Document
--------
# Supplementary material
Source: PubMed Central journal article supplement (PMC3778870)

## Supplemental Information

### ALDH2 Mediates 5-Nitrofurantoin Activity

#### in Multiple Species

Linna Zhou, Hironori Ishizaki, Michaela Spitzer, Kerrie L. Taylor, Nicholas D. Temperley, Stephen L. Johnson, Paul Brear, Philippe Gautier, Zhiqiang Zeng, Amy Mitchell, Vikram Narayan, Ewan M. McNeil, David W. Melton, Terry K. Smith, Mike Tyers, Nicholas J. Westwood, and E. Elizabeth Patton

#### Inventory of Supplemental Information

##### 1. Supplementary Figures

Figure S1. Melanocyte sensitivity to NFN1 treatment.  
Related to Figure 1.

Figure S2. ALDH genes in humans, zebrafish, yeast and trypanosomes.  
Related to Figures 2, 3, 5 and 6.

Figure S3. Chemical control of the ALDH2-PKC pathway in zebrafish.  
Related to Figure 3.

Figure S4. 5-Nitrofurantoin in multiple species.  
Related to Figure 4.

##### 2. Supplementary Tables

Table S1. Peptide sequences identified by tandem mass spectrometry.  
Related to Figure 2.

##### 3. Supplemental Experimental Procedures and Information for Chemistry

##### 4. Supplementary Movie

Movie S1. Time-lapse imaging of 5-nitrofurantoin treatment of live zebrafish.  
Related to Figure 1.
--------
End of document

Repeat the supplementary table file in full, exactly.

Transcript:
# Supplementary material
Source: PubMed Central journal article supplement (PMC3778870)

## Supplemental Information

### ALDH2 Mediates 5-Nitrofurantoin Activity

#### in Multiple Species

Linna Zhou, Hironori Ishizaki, Michaela Spitzer, Kerrie L. Taylor, Nicholas D. Temperley, Stephen L. Johnson, Paul Brear, Philippe Gautier, Zhiqiang Zeng, Amy Mitchell, Vikram Narayan, Ewan M. McNeil, David W. Melton, Terry K. Smith, Mike Tyers, Nicholas J. Westwood, and E. Elizabeth Patton

#### Inventory of Supplemental Information

##### 1. Supplementary Figures

Figure S1. Melanocyte sensitivity to NFN1 treatment.  
Related to Figure 1.

Figure S2. ALDH genes in humans, zebrafish, yeast and trypanosomes.  
Related to Figures 2, 3, 5 and 6.

Figure S3. Chemical control of the ALDH2-PKC pathway in zebrafish.  
Related to Figure 3.

Figure S4. 5-Nitrofurantoin in multiple species.  
Related to Figure 4.

##### 2. Supplementary Tables

Table S1. Peptide sequences identified by tandem mass spectrometry.  
Related to Figure 2.

##### 3. Supplemental Experimental Procedures and Information for Chemistry

##### 4. Supplementary Movie

Movie S1. Time-lapse imaging of 5-nitrofurantoin treatment of live zebrafish.  
Related to Figure 1.